Bilingualism and cochlear implants in deaf children
A large number of deaf babies have received cochlear implants and are commonly forbidden, discouraged, and/or prevented from using sign language, their primary and natural modality of communication.
On the other hand, nearly every parent is encouraged to use sign language with their hearing babies for more efficient communication. And, this "Baby Sign", as they claim, boosts babies' linguistic and cognitive benefits.
"The greatest irony." Illustrated by artist Maureen Klusza, 2007(?).
Neuroscience studies show that both languages (ASL and English) activate the same regions of the left brain that is responsible for language. Speech is not central to language.
Language milestones in signlan and speech are maturationally controlled; that is, Deaf children exposed to signed languages from birth acquire these languages on an identical maturational timeline as hearing children acquire spoken languages. (Dr. Pettito)
Sign language does not hinder or cause a speech delay. It is simply another language. It is no more different than a baby acquiring both spoken French (or any other spoken language) and English.
Using ASL (in the form of signlan) does not contest with English (in the form of speech), quite the opposite. That is bilingualism and interaction that boosts literacy and language development in both languages.
Thus the risks
Hearing children are born with either choices of modalities. However, deaf children are born naturally with one choice of modality (signlan), which is often oppressed.
If a non-bilingual, non-bimodal child doesn't attain speech development to some degrees, the child may be turned to learning signed language. But, it'll be long past the critical period of language development in infants and toddlers. There are sensitive timing frames of language acquisition.
Limited hearing in deaf children with cochlear implants with no access to sign language hinders the development of language to the fullest, especially during the critical period of language. After the critical period, a deaf child may likely have some difficulty with language acquisition in either English and ASL (signlan). Vicious cycle.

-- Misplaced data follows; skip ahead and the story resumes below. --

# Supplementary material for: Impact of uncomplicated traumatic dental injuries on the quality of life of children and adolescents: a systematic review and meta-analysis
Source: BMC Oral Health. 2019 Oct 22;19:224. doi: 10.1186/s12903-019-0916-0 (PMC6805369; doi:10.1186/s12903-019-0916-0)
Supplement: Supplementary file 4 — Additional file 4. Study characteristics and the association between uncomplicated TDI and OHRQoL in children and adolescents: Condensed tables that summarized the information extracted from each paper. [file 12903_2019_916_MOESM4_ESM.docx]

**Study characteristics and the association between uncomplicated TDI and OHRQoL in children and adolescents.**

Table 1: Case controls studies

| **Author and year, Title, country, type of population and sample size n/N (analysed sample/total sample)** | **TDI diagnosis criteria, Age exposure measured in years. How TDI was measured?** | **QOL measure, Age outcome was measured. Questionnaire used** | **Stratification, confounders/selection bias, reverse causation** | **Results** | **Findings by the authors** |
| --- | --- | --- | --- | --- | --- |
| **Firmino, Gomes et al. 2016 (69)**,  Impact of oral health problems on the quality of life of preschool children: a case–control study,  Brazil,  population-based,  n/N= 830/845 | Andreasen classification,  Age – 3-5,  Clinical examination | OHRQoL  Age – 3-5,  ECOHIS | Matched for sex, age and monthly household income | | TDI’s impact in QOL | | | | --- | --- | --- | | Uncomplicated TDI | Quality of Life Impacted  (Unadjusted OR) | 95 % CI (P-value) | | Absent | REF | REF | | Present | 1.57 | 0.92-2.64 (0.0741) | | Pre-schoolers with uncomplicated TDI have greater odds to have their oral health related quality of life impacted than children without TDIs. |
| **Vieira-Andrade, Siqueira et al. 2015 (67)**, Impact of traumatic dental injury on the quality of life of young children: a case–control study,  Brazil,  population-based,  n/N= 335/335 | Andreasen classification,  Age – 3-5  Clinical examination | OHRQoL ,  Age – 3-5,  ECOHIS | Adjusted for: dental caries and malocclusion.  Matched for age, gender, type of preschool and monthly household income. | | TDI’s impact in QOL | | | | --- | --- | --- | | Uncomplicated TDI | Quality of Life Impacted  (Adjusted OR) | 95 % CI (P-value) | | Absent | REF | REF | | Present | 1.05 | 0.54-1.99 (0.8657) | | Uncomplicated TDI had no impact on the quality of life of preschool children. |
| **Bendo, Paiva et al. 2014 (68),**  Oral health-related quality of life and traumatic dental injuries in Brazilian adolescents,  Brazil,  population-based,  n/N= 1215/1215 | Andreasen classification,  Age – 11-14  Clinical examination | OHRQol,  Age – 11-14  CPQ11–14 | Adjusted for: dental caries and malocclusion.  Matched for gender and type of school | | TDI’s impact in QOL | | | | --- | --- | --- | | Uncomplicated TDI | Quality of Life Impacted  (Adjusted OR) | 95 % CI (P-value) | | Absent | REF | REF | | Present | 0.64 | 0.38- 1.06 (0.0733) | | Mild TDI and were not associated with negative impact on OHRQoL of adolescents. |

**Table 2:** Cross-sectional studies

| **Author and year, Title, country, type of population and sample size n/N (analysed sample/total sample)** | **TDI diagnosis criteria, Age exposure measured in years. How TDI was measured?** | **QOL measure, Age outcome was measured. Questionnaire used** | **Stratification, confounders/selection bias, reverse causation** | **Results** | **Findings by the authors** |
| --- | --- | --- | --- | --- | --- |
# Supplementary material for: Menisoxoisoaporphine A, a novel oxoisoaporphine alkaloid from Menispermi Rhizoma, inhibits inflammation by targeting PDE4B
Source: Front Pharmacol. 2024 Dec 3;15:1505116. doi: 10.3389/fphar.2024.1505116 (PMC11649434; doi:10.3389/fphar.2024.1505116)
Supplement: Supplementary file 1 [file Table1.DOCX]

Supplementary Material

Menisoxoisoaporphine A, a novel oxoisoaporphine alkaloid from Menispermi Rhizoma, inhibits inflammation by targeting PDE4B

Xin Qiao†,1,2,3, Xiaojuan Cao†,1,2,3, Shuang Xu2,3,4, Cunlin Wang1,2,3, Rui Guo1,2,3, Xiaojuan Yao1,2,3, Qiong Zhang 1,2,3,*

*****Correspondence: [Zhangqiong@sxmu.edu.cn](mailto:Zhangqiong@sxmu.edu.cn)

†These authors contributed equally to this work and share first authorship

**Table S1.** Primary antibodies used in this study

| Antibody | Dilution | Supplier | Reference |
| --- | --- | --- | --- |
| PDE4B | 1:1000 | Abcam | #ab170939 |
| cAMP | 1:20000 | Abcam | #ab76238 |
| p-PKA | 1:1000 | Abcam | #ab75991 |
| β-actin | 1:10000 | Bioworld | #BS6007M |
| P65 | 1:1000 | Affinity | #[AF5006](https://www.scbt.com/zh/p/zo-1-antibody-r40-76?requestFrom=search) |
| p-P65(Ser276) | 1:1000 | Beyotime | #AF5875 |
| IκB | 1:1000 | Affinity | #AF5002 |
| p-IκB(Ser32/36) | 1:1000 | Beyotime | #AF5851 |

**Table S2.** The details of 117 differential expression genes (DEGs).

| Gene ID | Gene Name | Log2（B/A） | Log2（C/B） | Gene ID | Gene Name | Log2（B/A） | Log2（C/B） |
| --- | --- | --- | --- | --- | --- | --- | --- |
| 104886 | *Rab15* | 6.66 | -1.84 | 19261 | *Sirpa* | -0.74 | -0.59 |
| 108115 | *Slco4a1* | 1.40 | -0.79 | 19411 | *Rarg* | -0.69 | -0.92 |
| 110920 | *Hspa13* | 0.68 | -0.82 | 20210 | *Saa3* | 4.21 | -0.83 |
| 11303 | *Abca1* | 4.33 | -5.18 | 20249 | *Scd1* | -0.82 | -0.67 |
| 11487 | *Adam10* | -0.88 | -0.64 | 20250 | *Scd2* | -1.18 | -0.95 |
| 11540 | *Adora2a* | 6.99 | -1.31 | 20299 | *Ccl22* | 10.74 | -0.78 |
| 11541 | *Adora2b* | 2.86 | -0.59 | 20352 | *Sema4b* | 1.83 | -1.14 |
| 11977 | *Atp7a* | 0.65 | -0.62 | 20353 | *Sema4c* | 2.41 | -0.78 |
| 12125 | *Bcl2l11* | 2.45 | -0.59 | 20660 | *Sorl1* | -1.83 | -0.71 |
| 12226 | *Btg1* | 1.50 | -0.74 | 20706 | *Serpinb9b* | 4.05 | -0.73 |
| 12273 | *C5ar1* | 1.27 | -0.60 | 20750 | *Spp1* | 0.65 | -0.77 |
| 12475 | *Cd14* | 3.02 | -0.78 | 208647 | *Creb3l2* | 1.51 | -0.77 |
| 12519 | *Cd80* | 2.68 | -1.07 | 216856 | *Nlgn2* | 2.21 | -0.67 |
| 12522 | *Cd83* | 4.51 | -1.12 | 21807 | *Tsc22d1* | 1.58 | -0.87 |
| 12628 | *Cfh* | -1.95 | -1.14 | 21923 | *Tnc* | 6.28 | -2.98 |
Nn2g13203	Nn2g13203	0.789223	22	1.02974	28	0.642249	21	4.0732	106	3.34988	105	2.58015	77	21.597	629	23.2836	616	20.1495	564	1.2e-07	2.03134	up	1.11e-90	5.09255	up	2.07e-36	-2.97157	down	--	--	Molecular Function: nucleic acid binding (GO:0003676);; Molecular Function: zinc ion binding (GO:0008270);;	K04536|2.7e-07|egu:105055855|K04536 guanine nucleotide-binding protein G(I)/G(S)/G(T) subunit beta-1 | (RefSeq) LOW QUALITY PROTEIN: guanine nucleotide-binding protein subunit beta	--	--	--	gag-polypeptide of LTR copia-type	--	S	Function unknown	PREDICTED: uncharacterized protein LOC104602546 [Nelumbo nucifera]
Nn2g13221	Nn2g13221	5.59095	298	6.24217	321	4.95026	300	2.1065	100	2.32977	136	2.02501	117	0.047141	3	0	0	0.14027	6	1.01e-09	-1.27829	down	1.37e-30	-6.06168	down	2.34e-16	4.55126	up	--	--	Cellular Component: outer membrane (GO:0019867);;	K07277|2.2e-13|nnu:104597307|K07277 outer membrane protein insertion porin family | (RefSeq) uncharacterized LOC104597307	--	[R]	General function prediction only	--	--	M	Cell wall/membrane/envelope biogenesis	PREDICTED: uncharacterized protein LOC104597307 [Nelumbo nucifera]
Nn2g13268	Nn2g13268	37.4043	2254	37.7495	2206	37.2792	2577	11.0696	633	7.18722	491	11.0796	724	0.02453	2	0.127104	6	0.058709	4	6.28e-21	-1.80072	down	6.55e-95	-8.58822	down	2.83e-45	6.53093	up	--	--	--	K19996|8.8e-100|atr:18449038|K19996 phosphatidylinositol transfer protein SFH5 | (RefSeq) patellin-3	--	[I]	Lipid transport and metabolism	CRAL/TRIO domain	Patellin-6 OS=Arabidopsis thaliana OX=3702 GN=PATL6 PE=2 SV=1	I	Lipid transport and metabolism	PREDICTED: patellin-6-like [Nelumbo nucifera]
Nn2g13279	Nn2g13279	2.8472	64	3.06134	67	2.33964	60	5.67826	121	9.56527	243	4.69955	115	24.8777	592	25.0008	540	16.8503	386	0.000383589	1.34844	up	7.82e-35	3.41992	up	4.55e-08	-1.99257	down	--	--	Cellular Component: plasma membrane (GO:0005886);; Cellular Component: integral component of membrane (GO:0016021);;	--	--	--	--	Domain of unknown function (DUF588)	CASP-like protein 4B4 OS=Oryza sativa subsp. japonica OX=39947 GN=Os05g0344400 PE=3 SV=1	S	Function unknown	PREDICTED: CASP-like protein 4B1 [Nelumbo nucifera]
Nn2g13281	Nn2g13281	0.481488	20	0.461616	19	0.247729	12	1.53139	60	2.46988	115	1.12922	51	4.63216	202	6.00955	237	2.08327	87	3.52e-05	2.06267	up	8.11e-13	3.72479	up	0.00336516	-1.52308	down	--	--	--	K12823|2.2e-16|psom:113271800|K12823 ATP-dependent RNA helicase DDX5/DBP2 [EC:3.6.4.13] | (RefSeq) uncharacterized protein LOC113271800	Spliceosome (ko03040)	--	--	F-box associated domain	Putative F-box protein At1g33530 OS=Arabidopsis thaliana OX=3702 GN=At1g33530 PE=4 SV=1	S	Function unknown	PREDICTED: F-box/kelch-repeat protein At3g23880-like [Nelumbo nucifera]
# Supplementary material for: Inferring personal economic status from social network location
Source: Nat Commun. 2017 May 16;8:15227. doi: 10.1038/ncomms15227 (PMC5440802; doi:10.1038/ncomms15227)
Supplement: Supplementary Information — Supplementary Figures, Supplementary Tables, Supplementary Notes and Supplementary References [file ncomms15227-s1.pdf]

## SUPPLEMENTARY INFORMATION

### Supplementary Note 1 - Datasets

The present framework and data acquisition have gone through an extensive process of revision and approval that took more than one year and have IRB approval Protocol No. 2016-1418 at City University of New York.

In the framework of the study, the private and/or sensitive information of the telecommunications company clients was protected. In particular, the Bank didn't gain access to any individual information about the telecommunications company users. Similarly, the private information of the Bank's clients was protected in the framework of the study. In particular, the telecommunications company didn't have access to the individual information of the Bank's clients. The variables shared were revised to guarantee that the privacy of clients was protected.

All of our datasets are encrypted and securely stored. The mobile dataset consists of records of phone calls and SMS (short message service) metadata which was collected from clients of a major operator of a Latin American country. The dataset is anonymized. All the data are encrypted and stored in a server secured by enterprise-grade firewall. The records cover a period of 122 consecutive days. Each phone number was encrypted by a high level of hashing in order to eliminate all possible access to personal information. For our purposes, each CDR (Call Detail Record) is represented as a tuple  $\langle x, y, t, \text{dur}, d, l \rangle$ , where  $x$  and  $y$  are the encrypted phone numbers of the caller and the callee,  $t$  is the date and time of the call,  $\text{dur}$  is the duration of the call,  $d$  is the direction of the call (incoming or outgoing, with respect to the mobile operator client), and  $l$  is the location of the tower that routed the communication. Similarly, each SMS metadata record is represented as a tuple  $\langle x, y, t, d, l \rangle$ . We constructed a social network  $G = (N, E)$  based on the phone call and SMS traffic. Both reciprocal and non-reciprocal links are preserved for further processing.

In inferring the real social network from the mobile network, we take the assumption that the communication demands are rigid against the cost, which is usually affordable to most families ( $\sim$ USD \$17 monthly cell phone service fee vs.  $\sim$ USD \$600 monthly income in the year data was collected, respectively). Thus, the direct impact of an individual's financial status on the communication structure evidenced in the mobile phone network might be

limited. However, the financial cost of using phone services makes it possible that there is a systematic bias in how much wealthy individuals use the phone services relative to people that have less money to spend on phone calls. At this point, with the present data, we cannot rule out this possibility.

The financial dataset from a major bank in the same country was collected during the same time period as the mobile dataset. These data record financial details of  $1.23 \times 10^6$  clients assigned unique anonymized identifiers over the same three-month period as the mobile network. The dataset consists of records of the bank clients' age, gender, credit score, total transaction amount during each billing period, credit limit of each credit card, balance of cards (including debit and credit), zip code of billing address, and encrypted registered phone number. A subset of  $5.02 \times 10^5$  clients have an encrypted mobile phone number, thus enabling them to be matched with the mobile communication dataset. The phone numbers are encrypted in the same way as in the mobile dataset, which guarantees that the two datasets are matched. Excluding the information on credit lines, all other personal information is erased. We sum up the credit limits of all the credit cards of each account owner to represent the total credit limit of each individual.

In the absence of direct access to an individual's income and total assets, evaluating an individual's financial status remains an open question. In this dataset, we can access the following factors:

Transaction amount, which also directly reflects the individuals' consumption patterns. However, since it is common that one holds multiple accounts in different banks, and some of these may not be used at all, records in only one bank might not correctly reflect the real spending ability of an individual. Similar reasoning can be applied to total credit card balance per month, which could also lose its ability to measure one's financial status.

Natural solution: bilingualism-bimodalism
A deaf child, who receives full access to language (e.g. ASL) in visual-spatial modality, will have a normal performance with written English as a second language.
Remember ASL doesn't hinder written English development, but rather it enhances English skills as a second language. Deaf people who are highly fluent in English are bilingual in ASL and written English.
A deaf child who does well with partial hearing via cochlear implants may still benefit from bilingualism using both languages (ASL and English). Brain doesn't favor one over another. Language is language for the brain.
Bilingualism-bimodalism (even if speech doesn't thrive) is a wiser decision than monolingualism and speech alone, should speech doesn't succeed.
Most Deaf are bilinguals when provided full access to signed language at the earliest and then fluent written language follows. They are quite intelligent, beautiful and vibrant. Embrace diversity.
Recommended further readings
Psycholinguist Dr. Francois Grosjean's The right of the deaf child to grow up bilingual.
ASL/English Bilingual Programming and Early Childhood Education: Frequently Asked Questions by Laurent Clerc National Deaf Education Center, Gallaudet University.